31 min
Aluminum, Tin, Lead, and Other Weak Metals

16: Aluminum, Tin, Lead, and Other Weak Metals

p-Block metals are faced with an identity crisis as they behave like metals and nonmetals at the same time. But why is this the case? Get to know the “weak” metals and why they behave the way they do. Understand how the electron configurations of elements like gallium and lead af-fect their behavior, discover what sets p-block elements apart from the metals of the d-block, and more.

31 min
The Table’s Great Divide: Transition Metals

17: The Table’s Great Divide: Transition Metals

The valley at the middle of the periodic table features one-third of naturally occurring ele-ments—all of which are metals. What do they have in common and what sets them apart? Take an introductory tour of the d-block metals from the poisonous to the ultra-dense before spend-ing the next few lessons exploring three groups of transition metals in detail.

31 min
Colorful and Durable Early Transition Metals

18: Colorful and Durable Early Transition Metals

What makes precious gemstones so colorful? The answer: a group of metals from the d-block of the periodic table. Begin with a focus on the early transition metals of the d-block. From vana-dium to rhenium, consider the distinct geometries of their subshells, walk through their every-day uses, and understand the complexities of their oxidation states.

30 min
Magnets and Catalysts of the Middle Transition

19: Magnets and Catalysts of the Middle Transition

Iron is Earth’s most abundant element while platinum and other noble metals are among its most stable. Learn about the history, fundamentals, and uses of the periodic table’s precious metals. Move from the iron triad to the platinum group of elements and discover how this set of d-block “noble” metals changed the way we fuel the world’s automobiles.

29 min
From Coins to Toxins: Copper to Mercury

20: From Coins to Toxins: Copper to Mercury

Coinage metals look like other group VIII elements, but they also possess some properties rem-iniscent of alkali and alkaline metals. In this lesson, complete the d-block by delving into cop-per, silver, gold, zinc, cadmium and mercury. Explore the special subatomic qualities that made these metals so hard to categorize and discover what they are typically used for.

29 min
Rare-Earth Elements: Surprisingly Abundant

21: Rare-Earth Elements: Surprisingly Abundant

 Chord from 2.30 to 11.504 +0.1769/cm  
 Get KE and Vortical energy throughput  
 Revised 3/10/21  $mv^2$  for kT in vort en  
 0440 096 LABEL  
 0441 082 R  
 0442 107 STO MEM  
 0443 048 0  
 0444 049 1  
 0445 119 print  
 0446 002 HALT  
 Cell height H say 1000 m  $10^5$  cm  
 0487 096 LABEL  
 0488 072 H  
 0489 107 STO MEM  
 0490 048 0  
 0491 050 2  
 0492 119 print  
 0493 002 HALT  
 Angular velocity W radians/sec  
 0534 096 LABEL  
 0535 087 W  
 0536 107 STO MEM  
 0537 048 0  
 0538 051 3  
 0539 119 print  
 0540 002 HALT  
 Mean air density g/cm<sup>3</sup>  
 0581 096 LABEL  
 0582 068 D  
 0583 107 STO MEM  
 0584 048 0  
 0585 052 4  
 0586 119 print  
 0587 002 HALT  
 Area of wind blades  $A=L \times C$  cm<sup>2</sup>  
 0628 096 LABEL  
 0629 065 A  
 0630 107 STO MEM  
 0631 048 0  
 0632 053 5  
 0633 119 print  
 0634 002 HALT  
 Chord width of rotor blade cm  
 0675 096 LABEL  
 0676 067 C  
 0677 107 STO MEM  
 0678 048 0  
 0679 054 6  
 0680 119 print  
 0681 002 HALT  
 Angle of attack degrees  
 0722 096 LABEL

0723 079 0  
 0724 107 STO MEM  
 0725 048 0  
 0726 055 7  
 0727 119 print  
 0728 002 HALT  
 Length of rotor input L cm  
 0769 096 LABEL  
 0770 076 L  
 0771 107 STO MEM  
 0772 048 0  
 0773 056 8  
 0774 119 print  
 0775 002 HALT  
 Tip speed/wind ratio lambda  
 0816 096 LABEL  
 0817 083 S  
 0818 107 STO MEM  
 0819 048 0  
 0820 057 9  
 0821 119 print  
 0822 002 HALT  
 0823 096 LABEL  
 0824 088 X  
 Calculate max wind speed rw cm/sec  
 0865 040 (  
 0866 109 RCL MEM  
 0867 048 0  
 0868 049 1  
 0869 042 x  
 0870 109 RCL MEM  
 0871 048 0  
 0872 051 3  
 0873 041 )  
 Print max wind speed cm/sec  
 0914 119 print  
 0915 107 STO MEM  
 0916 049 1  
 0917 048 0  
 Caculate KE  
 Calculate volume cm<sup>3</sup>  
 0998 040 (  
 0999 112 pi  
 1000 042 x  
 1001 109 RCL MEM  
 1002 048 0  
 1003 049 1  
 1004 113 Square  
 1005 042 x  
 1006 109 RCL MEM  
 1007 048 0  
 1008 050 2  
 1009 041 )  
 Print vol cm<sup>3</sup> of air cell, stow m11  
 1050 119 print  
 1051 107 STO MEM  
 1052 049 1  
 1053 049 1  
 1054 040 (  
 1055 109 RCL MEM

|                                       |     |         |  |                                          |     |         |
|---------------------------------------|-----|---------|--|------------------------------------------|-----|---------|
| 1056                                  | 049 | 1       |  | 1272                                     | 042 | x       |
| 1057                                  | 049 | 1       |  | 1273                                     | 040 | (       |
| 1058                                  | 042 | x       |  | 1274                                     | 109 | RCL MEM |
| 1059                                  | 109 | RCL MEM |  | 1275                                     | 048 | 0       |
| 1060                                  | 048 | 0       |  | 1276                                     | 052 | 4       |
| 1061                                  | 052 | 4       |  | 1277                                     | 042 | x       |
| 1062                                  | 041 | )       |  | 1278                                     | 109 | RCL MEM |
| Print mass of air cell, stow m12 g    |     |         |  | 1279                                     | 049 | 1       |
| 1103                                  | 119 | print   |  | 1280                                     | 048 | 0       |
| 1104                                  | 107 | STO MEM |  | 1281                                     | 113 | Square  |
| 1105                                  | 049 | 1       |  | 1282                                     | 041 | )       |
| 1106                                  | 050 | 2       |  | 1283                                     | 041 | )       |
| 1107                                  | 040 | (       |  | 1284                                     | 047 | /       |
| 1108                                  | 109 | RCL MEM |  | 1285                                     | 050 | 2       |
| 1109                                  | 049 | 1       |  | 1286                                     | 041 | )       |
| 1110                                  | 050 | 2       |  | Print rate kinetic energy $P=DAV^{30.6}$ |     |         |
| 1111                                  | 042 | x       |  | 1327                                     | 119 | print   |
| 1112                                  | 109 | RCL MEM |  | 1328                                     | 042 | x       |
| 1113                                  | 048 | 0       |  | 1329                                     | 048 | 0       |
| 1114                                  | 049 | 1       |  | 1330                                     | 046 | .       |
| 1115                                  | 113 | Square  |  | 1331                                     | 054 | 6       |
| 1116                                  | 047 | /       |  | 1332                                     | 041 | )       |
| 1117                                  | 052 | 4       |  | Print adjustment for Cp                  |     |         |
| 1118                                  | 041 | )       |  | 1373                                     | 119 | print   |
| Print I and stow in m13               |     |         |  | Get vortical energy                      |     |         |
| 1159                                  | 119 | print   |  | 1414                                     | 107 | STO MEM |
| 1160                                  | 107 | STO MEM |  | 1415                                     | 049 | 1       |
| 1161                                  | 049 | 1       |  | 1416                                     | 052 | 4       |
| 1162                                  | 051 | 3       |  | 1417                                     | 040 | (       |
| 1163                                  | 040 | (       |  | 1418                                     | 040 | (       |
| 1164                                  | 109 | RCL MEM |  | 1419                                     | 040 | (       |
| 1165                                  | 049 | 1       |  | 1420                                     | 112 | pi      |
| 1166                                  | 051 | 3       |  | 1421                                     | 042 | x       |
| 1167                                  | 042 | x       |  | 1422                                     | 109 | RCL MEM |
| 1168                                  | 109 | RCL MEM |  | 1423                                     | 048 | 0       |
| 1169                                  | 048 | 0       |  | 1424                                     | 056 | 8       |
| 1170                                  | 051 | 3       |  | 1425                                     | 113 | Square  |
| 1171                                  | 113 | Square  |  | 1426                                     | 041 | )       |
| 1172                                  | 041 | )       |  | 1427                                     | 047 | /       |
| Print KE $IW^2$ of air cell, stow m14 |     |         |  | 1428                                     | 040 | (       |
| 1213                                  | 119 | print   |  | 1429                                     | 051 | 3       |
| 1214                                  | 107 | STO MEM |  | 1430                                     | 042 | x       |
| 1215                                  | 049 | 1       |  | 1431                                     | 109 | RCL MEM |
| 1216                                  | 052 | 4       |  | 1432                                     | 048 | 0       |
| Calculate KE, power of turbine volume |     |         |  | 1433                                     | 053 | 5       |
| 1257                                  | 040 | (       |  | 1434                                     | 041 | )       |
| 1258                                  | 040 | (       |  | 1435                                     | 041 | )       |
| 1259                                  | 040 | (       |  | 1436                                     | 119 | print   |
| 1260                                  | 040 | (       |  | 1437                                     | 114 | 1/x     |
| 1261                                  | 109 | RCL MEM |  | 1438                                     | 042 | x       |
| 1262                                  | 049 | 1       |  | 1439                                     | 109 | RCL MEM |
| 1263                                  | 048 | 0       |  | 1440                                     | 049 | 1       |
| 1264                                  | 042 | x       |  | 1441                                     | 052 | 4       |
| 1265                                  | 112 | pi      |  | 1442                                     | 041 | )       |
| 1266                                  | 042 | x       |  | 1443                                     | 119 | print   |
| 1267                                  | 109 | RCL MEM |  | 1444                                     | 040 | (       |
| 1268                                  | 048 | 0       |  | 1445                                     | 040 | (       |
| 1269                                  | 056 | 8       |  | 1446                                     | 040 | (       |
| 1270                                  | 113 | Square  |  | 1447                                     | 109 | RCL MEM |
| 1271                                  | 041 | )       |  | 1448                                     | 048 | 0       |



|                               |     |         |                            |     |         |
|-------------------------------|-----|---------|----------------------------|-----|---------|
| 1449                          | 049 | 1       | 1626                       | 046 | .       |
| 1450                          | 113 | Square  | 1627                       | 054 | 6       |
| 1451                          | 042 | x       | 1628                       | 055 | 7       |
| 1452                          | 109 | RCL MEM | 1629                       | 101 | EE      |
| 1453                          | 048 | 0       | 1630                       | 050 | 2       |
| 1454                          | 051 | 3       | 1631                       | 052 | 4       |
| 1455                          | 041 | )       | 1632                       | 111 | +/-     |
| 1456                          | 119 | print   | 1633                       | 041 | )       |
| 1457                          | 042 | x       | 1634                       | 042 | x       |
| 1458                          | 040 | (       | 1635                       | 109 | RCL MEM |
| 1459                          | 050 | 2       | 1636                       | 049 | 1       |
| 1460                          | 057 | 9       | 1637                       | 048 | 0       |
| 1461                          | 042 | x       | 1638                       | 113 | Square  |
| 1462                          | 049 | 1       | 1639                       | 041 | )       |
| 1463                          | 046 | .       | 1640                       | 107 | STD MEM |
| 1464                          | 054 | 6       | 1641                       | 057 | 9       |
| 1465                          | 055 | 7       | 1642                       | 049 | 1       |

It may be surprising that rare-earth elements are not all that uncommon compared to other elements on the periodic table. Instead, their most distinctive feature is a common geochemis-try. Here, focus on how rare-earth elements and the so-called “lanthanide contraction” trend spurred substantial technological advancements in lighting, electronics, headphones, and more.

31 min
Nuclear Fuel: Thorium, Uranium, and Plutonium

22: Nuclear Fuel: Thorium, Uranium, and Plutonium

At the very bottom of the periodic table, you will find some of its most radioactive and unstable elements. Now, turn to the seventh row and spend some time with the most abundant pair of “light” actinoids—uranium and thorium—and learn how instability and radioactive decay have come to define this group of elements.

30 min
Creating the Transplutonic Elements

23: Creating the Transplutonic Elements

The discovery of the neutron in 1932 was a germinal event in the history of science. Soon after, scientists discovered how the combination of neutrons and naturally occurring elements can create new elements that cannot and do not exist in nature. Continue your exploration of the bottom of the table by focusing on the finding, features, and functions of the transplutonic ele-ments.

30 min
Superheavy Atoms and the Transfermium Wars

24: Superheavy Atoms and the Transfermium Wars

In this lesson, turn to the very end of the periodic table and delve into the so-called “superheavy” elements. Learn about the contentious Cold War history behind row seven of the periodic table and how the quest to complete the table moved from politically fraught to inter-nationally collaborative.

34 min